Are you thinking of selling your house during the pandemic? Here’s what our experience was like, and how we handled things with me being high risk.
In our case, the pandemic played a big role in our decision to sell our house in the first place. (The house we talk about in our debt free story.) We’d wanted to move for a while, but hadn’t seriously considered it because many of our family & friends are here.
But this past year gave us a clear taste of what it would be like to live away from family, friends, stores, and restaurants. Without traveling, and while my husband worked from home as well. And…it wasn’t nearly as bad as we thought.
In fact, other than not being able to see family & friends, there were benefits. We saved a ton of money by not eating out, and a lot of time by not running many errands. My husband got to work from home as well. I discovered the joy of curbside pickup. And we realized that we could be happy without many of the things we used to do all the time.
(Although it will be SO MUCH BETTER when we can see people in person again, and travel. Or, you know, get closer than 6 feet to anyone.)
So we decided to sell our house and move out of state, even if it meant selling our house during the pandemic. Here’s how we sold as safely as possible while still getting top dollar for it.
What We Didn’t Do
First, here’s what we didn’t do to sell our house, and why.
We didn’t consider any of the many offers we got via text, phone calls, and letters. Why? Because those were from people or companies trying to get a screaming deal on our house.
We didn’t use any of the services that buy houses either. (Like Zillow Offers, OpenDoor, Offerpad, etc.) Again, while it would have been nice to sell with a click, it wasn’t worth the money doing so would have cost us. (Even taking commissions into account.) I did look at an offer from one of those companies that came in the mail. The range they gave was way less than what we ended up selling for.
We didn’t move first and then sell this house afterward. Why? We spent a lot of time getting out of debt. We had no desire to go back in. Even if we’d been ok with that, it felt too risky. Finally, it can be harder to sell an empty house.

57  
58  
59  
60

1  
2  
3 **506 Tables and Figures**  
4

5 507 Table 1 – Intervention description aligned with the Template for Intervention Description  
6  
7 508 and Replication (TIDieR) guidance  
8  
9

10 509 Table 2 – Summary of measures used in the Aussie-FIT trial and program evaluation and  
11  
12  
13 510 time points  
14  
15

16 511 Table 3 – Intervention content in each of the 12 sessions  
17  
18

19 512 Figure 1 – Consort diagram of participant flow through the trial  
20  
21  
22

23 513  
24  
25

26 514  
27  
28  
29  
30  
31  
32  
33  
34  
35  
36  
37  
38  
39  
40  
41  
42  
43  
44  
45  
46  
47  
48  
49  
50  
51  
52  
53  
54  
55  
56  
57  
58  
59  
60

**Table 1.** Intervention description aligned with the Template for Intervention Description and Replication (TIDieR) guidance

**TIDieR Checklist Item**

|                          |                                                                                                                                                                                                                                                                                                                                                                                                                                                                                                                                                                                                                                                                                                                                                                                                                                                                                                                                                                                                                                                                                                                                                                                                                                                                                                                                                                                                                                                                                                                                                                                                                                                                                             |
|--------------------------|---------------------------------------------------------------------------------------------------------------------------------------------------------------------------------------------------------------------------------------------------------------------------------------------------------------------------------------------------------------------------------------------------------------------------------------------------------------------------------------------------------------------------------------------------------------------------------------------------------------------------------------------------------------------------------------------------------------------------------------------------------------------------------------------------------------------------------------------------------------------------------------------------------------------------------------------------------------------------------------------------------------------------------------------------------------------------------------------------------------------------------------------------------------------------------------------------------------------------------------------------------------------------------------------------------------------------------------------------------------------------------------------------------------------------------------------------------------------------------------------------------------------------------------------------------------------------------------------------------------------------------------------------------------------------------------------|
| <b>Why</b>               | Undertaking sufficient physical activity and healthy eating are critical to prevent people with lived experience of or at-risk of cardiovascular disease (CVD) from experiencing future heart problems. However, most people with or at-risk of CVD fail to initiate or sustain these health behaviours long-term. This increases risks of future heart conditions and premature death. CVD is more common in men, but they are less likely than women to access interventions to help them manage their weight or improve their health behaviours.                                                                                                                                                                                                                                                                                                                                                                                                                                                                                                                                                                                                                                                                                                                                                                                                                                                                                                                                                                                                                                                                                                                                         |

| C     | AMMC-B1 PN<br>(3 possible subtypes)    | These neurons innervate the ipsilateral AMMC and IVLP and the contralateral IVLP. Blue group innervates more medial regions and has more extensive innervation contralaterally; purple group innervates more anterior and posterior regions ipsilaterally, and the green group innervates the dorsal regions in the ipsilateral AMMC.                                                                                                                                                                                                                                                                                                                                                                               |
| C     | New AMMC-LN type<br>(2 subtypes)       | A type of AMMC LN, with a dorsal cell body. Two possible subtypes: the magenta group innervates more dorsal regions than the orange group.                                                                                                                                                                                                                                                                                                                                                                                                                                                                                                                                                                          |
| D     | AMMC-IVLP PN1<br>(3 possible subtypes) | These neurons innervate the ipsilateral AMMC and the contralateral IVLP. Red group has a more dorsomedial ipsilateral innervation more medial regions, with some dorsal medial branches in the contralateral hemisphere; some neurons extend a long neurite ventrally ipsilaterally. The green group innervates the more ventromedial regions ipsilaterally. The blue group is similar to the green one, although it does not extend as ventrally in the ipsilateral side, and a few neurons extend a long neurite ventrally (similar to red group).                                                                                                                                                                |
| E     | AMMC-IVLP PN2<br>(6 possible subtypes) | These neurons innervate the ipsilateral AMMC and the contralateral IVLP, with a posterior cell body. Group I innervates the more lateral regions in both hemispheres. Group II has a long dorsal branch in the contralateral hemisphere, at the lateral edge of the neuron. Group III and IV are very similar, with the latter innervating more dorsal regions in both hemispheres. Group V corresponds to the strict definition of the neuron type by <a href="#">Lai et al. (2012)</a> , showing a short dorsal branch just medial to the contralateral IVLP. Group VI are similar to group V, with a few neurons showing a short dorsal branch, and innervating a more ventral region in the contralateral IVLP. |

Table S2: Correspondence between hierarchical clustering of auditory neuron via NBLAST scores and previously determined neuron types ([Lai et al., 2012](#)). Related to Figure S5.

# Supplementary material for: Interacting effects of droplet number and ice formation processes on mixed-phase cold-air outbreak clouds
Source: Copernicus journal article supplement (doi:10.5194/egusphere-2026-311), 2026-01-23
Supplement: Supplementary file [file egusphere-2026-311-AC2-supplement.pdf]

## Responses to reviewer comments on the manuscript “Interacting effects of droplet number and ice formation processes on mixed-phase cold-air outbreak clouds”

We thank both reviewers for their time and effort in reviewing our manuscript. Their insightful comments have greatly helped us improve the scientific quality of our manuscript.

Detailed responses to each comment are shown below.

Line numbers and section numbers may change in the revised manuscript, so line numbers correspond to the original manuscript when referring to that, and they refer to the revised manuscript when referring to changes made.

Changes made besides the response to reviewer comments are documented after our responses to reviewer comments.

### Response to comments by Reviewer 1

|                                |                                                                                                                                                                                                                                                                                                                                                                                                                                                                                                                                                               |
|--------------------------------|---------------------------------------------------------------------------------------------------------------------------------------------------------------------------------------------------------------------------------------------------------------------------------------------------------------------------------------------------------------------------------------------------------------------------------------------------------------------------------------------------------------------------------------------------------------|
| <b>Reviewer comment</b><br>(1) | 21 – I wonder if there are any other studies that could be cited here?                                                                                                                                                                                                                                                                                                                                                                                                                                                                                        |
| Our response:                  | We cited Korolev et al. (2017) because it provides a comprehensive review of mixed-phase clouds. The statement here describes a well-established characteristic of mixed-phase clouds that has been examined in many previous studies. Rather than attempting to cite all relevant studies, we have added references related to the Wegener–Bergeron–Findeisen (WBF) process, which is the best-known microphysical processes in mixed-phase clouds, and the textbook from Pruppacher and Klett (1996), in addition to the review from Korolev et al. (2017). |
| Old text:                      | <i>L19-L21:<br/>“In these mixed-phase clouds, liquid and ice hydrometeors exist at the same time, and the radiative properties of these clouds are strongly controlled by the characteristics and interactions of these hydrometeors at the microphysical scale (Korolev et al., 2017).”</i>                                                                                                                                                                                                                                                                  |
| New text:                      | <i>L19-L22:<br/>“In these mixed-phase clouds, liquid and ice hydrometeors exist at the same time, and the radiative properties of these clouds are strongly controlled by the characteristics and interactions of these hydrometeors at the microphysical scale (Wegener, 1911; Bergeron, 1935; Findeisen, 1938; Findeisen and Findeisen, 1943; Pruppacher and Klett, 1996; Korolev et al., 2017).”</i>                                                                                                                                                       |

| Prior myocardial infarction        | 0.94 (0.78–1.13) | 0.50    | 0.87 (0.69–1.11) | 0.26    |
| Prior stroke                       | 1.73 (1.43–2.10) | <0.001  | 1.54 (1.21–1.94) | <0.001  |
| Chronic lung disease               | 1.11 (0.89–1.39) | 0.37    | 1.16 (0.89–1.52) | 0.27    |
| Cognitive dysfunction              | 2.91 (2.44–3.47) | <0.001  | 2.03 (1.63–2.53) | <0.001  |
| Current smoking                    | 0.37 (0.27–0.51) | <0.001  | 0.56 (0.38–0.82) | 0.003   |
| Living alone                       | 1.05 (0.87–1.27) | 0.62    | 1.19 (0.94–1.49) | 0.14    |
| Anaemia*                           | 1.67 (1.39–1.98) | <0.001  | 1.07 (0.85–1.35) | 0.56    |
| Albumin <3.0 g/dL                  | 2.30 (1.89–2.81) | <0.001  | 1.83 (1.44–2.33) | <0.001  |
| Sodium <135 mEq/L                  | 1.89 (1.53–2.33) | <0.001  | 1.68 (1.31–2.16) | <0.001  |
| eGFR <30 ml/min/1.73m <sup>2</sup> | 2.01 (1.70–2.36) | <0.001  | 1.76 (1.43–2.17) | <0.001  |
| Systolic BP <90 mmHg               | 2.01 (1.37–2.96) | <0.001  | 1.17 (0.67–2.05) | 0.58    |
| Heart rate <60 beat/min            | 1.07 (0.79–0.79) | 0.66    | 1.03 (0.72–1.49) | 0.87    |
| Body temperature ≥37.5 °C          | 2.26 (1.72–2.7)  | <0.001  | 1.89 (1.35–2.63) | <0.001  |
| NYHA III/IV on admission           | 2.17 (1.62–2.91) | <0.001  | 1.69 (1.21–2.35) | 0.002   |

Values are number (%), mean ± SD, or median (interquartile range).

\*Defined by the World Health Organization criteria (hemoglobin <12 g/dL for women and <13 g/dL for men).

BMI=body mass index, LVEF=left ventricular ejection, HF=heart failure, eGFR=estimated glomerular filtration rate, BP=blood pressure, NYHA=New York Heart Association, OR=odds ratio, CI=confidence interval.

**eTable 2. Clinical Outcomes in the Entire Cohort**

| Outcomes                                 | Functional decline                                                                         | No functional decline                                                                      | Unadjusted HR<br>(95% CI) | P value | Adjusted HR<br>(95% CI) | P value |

So how did we sell our house during the pandemic? In short, the traditional way — but with a twist.
Selling Our House
Phoenix is a red-hot real estate market right now. It’s up 13% recently, and there aren’t many homes for sale.
Since I am high risk, with a VERY high chance of dying if I catch Covid, I did not want people in our home. (Until they absolutely HAD to be.)
So our goal was to sell the house without having anyone see it first.
In normal times that might not fly so well, but we decided to give it a shot. We started with the basics.
Basic House Selling Tips
If you want to get your house ready to sell, here are the basic tips.
If something needs fixing, fix it. If you have really wild colors on the wall, repaint. Depersonalize it a little bit by taking family photos down. (Sad to say, that last one is especially good to do if you are a person of color.) Declutter until your house looks spacious. Then deep clean.
If you have pets and will be letting people in your home, see if your pets can stay somewhere else during the process.
In general the most important things to do are decluttering and cleaning. Your house will stand out from other listings if it’s clean and free of extra stuff. Way too many people do not do that, and buyers can’t look past dirt or a mess. Make the beds and pick up laundry before photos at the very least!
So we decluttered, cleaned, and repainted most walls. We rented a small storage unit for half our books and a few odds and ends to get those out of the house. Then we cleaned again.
We also found an experience Realtor to use that is good at marketing and selling.
Getting Ready to List the House
Normally the Realtor will arrange to have your house photographed. But again, we didn’t want people in the house. Not even a photographer.
So I made a Matterport video with my phone. That’s a 3-D walk through of the house, like what you can see with Google Street view. It’s really cool, free for one space, and easy to do.
I shot the listing photos myself too. I used to be a wedding photographer, so figured I could do it. It turns out that taking photos of the inside of a house is MUCH harder than I expected. I could tell our Realtor wasn’t a fan of me doing that, but I got it done.
Here are a couple of my photos:
Are the photos perfect? No. Do they do the job? Yes. I have a DSLR, but a smart phone with a wide angle mode would probably have worked too.
If you do this, make sure you have good, consistent lighting. Then clean and pick up again right before you take the photos. Get people and pets out of the way so they don’t end up in the photos. (My husband sat in the car with our dogs to keep them out of the way.)